They use Bali beef, personally selecting each steer and aging it themselves. Locavore’s Muscovy ducks come from a free-range duck farm located in Bali’s central highlands. on wide-open natural spaces, surrounded by organic cultivation. The ducks live outside, drink only filtered water and eat grass, grains, vegetables and fruits.

Most pigs in Bali have very sad lives, confined in small concrete pens and fed a slurry of commercial mash laced with antibiotics. (The situation is similar in the US, Australia and Denmark; although more hygienic, the confinement is even more extreme.) This animal is very challenging to free-range; I’ve kept pigs myself and can confirm that it’s almost impossible to dissuade a pig from going somewhere else if that’s what it wants. But Bali Highland Organik (BHO), a small company in Rendang, Karangasam, has developed a system of free-ranging pigs which is bringing prosperity to local farmers and a better quality of life to the pigs in its care. Impressed by its website, I recently visited BHO to see the operation for myself.

The business provides weaned piglets to participating farmers who keep them in grassy paddocks fenced with modular metal barriers. The pigs eat the grass and a mash of ground corn, soy and rice bran supplemented with fresh papaya and banana trunks. They receive no antibiotics or growth hormones. Every 10 days they are moved to an adjacent new paddock with fresh grass and shelter from the elements.

When the pigs reach about 100 kg BHO takes them back and kills them quickly by electrocution. (You don’t want to know how pigs in Bali are usually dispatched; let’s just say that it’s messy and traumatic.) Then the carcasses are dressed out and processed at the immaculate, state-of-the-art kitchen beside a field of rosemary, chilis and other sausage seasonings.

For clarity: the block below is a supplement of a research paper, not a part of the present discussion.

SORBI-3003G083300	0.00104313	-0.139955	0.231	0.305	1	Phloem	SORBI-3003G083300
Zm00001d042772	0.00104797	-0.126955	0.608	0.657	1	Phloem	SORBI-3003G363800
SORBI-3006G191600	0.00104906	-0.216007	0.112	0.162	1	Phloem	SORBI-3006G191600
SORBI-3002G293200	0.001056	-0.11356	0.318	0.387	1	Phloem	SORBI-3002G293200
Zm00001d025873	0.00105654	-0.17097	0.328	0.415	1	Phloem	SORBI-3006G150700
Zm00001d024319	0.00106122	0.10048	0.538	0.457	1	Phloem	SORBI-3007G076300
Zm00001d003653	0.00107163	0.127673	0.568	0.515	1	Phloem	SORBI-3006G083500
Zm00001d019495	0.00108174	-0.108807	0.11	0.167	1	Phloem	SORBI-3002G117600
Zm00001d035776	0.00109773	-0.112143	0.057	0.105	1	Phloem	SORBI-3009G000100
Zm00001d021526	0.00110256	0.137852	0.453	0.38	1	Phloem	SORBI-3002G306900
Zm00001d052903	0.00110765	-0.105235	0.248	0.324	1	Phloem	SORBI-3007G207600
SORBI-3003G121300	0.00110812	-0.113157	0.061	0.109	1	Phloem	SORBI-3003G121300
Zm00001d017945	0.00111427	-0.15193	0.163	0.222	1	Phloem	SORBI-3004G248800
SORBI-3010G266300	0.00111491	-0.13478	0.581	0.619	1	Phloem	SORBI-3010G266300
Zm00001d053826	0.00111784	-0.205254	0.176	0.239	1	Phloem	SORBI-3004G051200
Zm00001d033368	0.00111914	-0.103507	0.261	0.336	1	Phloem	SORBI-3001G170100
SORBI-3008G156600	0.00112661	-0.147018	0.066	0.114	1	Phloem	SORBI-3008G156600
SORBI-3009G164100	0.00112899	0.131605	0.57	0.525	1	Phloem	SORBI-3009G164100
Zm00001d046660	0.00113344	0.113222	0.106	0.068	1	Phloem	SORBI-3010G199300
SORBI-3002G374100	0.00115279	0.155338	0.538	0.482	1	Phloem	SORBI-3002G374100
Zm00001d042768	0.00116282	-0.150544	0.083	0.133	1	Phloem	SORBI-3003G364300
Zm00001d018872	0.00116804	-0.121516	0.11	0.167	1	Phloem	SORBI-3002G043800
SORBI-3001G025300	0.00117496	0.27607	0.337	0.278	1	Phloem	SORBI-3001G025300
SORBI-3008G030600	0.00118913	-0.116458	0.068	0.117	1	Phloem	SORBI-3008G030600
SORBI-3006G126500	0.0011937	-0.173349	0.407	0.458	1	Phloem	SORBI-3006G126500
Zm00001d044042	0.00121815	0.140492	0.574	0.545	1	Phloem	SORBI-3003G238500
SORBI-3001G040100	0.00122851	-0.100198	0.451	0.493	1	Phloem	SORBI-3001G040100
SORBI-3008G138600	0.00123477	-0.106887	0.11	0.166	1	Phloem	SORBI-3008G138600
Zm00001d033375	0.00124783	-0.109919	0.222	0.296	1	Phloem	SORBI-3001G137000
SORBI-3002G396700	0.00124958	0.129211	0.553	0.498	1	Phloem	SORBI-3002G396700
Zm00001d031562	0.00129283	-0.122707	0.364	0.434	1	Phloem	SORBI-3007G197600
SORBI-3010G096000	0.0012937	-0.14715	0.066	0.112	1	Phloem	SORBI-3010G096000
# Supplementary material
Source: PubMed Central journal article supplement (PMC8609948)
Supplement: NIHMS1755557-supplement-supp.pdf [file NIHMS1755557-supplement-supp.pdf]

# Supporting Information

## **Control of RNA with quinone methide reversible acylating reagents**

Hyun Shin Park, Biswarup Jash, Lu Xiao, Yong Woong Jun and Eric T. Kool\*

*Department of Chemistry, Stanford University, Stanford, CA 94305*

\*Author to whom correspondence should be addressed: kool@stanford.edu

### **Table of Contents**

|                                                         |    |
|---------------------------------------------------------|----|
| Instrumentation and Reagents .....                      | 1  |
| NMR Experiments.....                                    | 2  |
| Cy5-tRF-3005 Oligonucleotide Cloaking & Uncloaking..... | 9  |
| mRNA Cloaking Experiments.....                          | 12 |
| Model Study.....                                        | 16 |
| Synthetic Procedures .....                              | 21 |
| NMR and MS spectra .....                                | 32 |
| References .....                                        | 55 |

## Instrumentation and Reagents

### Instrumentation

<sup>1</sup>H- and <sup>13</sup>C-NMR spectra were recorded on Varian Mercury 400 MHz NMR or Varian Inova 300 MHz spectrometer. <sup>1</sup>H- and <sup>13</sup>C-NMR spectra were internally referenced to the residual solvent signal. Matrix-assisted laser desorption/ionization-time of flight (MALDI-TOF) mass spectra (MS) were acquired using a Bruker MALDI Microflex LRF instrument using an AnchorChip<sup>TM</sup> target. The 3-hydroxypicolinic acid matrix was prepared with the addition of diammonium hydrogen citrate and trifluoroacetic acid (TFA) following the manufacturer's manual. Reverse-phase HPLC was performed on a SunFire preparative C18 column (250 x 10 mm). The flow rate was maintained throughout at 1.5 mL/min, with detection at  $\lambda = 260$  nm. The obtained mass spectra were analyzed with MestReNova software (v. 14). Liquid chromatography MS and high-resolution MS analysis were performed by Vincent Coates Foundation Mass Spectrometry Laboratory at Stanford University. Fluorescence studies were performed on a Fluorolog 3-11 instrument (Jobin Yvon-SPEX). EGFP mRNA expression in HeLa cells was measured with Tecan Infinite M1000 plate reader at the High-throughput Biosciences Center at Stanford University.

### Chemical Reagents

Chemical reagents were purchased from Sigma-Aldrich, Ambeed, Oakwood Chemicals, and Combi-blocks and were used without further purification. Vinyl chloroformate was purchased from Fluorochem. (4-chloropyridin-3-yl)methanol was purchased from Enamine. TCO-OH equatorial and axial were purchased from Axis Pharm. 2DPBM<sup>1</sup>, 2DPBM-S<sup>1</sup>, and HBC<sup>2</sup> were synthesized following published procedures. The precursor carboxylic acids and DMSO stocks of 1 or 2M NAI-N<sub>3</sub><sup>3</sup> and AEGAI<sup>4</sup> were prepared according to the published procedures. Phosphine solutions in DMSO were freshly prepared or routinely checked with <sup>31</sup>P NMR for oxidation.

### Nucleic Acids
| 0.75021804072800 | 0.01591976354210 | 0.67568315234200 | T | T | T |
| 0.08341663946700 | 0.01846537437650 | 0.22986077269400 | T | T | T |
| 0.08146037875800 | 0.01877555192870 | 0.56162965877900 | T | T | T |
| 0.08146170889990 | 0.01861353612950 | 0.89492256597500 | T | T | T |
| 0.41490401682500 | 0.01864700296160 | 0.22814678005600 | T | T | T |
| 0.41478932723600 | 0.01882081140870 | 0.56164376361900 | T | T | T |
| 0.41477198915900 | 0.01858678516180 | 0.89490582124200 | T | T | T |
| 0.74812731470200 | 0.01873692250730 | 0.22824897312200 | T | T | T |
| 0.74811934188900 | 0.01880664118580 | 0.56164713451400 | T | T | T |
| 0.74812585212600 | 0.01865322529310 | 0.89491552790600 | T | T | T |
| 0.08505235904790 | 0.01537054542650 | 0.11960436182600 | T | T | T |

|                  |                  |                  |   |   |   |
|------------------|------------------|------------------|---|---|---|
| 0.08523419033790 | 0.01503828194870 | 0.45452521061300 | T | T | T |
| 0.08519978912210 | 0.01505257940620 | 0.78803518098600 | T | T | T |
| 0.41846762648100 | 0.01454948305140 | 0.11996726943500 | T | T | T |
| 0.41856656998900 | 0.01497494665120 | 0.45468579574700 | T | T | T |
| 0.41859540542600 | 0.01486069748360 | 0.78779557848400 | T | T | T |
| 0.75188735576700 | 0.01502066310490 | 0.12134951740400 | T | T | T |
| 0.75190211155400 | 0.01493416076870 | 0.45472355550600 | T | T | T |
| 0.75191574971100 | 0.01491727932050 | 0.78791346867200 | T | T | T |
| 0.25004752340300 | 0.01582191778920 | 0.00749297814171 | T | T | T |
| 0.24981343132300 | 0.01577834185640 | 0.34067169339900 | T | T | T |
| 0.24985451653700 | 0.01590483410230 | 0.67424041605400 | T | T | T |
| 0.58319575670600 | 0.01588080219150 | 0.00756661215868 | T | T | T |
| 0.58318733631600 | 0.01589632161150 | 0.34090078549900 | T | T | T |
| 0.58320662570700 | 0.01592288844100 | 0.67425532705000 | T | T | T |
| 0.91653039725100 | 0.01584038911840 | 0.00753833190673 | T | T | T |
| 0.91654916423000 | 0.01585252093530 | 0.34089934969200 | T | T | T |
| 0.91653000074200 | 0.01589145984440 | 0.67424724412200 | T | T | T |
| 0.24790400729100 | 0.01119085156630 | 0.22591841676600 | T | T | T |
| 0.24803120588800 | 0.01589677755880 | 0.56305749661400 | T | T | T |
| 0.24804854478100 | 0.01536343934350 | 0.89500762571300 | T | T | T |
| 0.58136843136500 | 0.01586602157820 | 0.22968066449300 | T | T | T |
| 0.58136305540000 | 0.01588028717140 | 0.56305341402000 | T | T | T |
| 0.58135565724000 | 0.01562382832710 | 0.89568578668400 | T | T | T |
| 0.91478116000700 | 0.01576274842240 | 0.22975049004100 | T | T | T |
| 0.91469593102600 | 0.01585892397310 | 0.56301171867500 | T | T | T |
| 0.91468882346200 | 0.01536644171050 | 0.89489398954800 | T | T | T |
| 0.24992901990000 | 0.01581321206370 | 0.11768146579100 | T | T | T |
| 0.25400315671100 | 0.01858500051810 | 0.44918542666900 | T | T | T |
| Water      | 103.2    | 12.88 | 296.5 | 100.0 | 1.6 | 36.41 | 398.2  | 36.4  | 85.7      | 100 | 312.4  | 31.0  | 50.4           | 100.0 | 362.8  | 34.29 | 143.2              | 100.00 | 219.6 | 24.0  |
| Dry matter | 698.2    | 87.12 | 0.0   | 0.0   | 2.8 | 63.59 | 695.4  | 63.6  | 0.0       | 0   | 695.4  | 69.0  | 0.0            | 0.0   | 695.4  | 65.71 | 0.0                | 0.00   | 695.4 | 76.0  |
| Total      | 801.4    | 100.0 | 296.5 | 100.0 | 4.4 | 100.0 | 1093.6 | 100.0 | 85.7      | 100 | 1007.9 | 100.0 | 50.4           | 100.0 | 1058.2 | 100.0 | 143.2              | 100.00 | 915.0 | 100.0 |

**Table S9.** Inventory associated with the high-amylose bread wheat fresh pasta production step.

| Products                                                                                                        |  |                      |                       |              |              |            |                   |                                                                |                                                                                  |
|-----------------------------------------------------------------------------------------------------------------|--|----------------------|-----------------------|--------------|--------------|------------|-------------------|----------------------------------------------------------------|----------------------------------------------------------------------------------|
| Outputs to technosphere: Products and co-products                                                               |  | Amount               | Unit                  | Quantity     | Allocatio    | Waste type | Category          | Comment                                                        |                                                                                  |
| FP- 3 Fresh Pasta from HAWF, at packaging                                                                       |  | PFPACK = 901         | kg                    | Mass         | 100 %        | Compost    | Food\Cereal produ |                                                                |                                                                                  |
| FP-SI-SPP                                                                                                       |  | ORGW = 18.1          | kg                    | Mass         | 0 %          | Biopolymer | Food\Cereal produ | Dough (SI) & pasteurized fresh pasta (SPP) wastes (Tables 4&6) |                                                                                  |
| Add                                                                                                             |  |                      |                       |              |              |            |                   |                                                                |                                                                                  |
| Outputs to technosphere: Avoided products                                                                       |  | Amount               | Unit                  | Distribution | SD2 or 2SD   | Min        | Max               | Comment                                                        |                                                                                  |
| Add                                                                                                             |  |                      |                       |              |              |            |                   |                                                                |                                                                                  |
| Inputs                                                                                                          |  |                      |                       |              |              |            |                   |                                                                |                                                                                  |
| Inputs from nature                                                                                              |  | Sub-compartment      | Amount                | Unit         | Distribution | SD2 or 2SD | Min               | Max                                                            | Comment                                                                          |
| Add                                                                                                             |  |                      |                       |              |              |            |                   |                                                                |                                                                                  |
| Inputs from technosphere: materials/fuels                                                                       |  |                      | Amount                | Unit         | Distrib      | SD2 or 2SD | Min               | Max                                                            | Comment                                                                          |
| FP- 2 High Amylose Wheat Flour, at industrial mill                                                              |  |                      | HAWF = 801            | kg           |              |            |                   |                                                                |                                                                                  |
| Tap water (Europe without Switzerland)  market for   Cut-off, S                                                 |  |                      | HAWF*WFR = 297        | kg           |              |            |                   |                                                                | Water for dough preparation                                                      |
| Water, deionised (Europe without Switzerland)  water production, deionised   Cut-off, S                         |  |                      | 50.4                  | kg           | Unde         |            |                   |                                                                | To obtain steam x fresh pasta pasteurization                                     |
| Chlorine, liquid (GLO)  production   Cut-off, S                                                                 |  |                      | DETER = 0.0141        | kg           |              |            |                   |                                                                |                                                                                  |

The farmers gradually pay back the cost of the piglets, feed and fencing through their profits. Bali Highlands Organik is currently working with five farmers and employs 25 local people, most in the processing centre. Here the meat is made into chops, bacon, ham and sausages, some smoked slowly over coffee wood. No chemicals or MSG are used in the process.

Locavore’s chicken is from a co-operative of farmers marketing through Wanaprasta, which trains poor highland producers to free-range their birds. This is also very challenging since hungry dogs and neighbours take a heavy toll, as does drought and rain. Wanaprasta works with farmers and fishers in the poorest parts of Bali to produce sustainable and high quality chicken, duck, pork, fish, fruit and vegetables. It pays the farmers a good price, then processes the harvest at its government-certified production centre in Tagallalang north of Ubud. Here they produce goat cheese, pork sausages, bone broth and an ever-changing range of other artisanal products according to season.

Local Parts (, Wanaprasta (Facebook page Wanaprasta), Bali Highland Organik ( and a handful of other ethical meat producers I haven’t yet visited provide sustainable options for thoughtful carnivores. So if you’re going to eat meat, make an occasion of it. Have it once a week and pay the real price of ethical, free-range meat. Yes, it’s expensive. It should be.